Harvard Economists Debate Human Rights Language

February 11, 2005
Rob Meyer

Although Jeffrey Frankel and Amartya Sen are both economists, both teach at Harvard, and both agree that ending poverty is one of the most important issues of our day, the two debated vigorously tonight during a Forum event that tackled the question: Is human rights language useful in the fight against poverty?

Frankel, a professor at the Kennedy School, started out by saying that while he thinks human rights is a “tremendously important concept,” he doesn’t always agree that applying the language of human rights to economics is helpful.

“It’s ineffective at best and counterproductive at worse,” Frankel said. For instance, using human rights language is appropriate when talking about freedom from torture, but not when talking about reducing auto accidents. The harm in applying the term “rights” to everything, he said, dilutes the impact.

Frankel pointed to a new “employment guarantee” policy currently being debated in India’s parliament. “It says every poor household is entitled to 100 days of work on a public works project,” he said. “You can see the sentiment, but this could be more harmful than good. If you start using the term ‘rights’ for everything, you undermine the credibility of human rights when it’s really useful.”



Sen, a professor in the Economics Department and a Nobel Prize winner in 1998, agreed that defining rights can get tricky, but insisted that not recognizing the importance of something—the right not to be hungry and the right to receive medical attention, for example—“can lead to a heavy price.”



Sen continued: “The question is, do we recognize that there is such a claim? What is the importance of recognizing a claim for rights? It’s bad for a society to have hungry people, for example. A right says they have a claim…and that people have an obligation to help.”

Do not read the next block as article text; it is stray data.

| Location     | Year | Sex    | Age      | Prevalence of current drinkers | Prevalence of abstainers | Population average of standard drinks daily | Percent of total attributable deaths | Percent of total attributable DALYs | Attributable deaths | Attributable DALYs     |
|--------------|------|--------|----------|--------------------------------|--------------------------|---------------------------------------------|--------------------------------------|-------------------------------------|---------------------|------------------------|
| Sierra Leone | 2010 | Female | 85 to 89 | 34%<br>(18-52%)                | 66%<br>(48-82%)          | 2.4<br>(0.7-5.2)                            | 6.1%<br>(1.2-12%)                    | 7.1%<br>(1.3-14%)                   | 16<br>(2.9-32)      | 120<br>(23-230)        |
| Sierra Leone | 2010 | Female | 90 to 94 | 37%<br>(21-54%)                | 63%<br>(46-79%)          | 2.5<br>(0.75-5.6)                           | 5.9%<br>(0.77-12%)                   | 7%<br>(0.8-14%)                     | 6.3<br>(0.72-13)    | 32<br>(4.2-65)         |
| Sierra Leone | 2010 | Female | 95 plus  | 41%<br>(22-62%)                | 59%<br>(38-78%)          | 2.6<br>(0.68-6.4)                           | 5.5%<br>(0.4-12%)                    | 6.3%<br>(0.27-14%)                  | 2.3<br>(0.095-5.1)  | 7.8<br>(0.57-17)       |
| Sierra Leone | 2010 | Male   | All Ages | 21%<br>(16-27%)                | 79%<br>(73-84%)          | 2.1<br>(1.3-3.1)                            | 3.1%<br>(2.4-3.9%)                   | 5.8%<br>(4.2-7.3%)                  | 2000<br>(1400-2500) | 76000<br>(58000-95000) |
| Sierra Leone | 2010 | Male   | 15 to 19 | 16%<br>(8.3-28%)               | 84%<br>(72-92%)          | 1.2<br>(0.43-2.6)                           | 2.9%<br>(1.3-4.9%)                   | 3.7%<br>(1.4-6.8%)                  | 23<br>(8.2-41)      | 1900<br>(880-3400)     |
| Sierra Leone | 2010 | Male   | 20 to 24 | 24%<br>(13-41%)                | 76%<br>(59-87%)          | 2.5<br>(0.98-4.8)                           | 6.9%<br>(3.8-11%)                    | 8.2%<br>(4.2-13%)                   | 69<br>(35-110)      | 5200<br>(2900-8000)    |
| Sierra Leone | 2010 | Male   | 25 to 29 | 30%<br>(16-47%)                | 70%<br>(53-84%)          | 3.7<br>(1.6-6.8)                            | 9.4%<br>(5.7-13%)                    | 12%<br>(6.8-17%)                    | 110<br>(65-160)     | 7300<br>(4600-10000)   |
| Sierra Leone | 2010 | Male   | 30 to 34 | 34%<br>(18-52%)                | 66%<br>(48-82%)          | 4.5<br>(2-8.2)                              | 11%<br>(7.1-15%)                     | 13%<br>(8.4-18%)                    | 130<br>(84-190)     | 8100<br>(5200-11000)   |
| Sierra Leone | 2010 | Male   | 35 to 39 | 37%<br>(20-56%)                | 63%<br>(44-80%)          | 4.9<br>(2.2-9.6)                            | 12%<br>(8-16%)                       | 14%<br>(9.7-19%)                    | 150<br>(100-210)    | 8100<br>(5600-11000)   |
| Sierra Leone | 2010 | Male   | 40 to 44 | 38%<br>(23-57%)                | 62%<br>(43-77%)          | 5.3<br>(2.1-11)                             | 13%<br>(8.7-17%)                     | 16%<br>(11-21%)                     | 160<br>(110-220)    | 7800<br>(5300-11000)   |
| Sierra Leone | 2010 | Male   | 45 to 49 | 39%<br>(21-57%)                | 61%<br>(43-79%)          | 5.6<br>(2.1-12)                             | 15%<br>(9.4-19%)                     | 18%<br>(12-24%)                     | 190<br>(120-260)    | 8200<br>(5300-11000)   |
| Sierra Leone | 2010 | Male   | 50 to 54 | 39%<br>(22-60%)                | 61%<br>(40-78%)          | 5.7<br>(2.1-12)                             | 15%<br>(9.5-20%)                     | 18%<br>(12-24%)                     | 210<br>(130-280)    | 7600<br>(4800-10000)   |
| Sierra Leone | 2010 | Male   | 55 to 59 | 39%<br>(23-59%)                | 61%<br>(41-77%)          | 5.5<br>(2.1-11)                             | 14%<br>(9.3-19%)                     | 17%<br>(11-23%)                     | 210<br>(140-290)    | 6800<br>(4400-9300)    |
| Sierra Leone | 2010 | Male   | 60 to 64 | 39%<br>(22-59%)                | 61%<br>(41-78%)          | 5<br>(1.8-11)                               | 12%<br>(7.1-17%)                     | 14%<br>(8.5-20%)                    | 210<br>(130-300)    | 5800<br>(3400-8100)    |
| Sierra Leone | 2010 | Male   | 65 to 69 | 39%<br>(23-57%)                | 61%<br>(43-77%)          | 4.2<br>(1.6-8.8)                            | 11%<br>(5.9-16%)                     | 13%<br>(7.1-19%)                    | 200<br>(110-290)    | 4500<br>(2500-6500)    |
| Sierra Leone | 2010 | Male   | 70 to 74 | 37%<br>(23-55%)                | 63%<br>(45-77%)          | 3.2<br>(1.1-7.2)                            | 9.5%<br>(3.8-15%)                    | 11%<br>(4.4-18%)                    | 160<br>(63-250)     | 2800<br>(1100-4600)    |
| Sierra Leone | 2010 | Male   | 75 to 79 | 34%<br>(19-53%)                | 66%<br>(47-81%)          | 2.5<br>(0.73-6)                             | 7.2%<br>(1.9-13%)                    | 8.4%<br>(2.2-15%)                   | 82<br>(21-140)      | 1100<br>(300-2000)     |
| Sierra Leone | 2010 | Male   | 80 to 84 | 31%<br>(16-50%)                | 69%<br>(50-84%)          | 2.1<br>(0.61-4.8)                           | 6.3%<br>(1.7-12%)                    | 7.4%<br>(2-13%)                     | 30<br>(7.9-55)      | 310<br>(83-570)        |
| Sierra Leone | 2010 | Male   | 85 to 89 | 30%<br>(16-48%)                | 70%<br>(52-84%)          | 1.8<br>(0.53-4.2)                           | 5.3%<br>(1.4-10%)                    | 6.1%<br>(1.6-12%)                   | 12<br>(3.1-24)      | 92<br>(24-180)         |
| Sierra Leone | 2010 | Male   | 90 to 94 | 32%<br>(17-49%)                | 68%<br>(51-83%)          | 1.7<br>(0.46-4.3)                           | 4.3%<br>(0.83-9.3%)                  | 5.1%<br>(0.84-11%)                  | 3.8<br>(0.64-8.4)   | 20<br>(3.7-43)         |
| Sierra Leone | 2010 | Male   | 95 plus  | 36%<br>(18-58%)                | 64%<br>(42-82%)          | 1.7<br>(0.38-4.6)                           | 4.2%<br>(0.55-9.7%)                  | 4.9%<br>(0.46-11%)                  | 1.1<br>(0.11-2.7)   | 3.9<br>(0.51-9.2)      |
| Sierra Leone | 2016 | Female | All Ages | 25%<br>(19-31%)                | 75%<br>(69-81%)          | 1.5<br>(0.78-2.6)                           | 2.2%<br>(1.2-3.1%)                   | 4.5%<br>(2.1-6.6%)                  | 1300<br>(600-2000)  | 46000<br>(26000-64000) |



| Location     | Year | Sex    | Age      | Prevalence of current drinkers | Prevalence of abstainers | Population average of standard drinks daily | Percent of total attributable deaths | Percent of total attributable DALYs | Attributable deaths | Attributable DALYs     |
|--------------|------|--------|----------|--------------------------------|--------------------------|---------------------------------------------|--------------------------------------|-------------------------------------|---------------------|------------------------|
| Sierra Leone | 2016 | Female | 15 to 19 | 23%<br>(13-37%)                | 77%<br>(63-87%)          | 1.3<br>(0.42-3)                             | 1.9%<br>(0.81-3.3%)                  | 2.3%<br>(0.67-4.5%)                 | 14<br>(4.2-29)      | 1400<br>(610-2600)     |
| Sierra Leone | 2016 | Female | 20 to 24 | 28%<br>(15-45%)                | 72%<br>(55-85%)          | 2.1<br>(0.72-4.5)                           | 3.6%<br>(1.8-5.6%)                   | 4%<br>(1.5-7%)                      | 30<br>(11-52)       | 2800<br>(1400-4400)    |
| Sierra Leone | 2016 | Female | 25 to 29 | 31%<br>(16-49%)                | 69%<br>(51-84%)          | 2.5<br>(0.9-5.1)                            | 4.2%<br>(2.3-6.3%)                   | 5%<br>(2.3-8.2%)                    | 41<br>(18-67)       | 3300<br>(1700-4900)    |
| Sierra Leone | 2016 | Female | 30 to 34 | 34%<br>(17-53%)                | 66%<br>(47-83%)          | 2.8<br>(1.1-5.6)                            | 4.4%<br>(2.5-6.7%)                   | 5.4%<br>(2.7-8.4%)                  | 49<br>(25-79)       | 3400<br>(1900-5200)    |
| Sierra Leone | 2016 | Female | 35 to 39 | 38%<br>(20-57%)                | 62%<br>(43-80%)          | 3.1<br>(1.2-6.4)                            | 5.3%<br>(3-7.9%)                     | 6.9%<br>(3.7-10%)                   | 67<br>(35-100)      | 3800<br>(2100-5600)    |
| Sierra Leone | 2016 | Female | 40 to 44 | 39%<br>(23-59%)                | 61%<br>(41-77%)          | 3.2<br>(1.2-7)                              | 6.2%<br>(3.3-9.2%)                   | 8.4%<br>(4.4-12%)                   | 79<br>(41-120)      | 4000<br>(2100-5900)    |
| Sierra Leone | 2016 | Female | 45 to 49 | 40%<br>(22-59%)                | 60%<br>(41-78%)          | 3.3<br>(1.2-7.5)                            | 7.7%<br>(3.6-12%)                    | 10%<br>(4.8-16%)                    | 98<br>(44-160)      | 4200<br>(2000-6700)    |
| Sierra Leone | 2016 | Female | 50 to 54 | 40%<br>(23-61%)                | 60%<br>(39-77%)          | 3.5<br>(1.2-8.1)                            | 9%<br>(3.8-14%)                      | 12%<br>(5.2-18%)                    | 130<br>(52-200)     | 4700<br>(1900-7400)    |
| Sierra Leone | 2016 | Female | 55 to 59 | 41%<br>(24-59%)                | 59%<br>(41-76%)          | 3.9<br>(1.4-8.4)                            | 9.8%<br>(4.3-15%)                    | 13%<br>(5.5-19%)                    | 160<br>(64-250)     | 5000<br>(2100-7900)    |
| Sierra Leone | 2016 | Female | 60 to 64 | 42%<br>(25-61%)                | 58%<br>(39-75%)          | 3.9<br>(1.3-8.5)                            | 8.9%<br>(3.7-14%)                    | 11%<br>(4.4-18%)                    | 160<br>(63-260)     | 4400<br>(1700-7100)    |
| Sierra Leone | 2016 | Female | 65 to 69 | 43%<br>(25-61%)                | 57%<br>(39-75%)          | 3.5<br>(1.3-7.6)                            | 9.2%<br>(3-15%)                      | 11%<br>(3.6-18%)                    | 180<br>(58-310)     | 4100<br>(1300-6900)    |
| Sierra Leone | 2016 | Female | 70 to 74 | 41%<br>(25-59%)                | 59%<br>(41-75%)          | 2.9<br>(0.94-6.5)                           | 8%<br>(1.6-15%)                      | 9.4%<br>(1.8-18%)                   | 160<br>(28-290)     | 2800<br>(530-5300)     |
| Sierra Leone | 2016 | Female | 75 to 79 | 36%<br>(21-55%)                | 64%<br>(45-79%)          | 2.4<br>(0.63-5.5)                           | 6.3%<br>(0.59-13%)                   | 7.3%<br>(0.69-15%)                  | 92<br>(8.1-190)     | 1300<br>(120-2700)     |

Frankel said he had no quarrel with certain issues being important. What he objected to was the use of language in making them a guarantee. “There are lots and lots of words you can use in a democracy,” he said. “It’s just the word ‘rights’ that I object to. I’m not insisting that something be in the law.”



Frankel talked about the right to medical coverage which is written into the law in most European countries. But it’s not the case in the United States — and that’s okay. “Here we have a pretty messy system,” he said. “But medical coverage is not some God-given right…because we have market systems that can deliver the goods.”



Sen insisted that by making issues like medical care and poverty only conditional, not guaranteed rights, poverty will never end. “If you want to make people less hungry, you have to build institutions,” he said.



A video archive of the event, which was moderated by Kennedy School Dean David Ellwood, can be viewed at the following site: http://www.iop.harvard.edu/events_forum_archive.html

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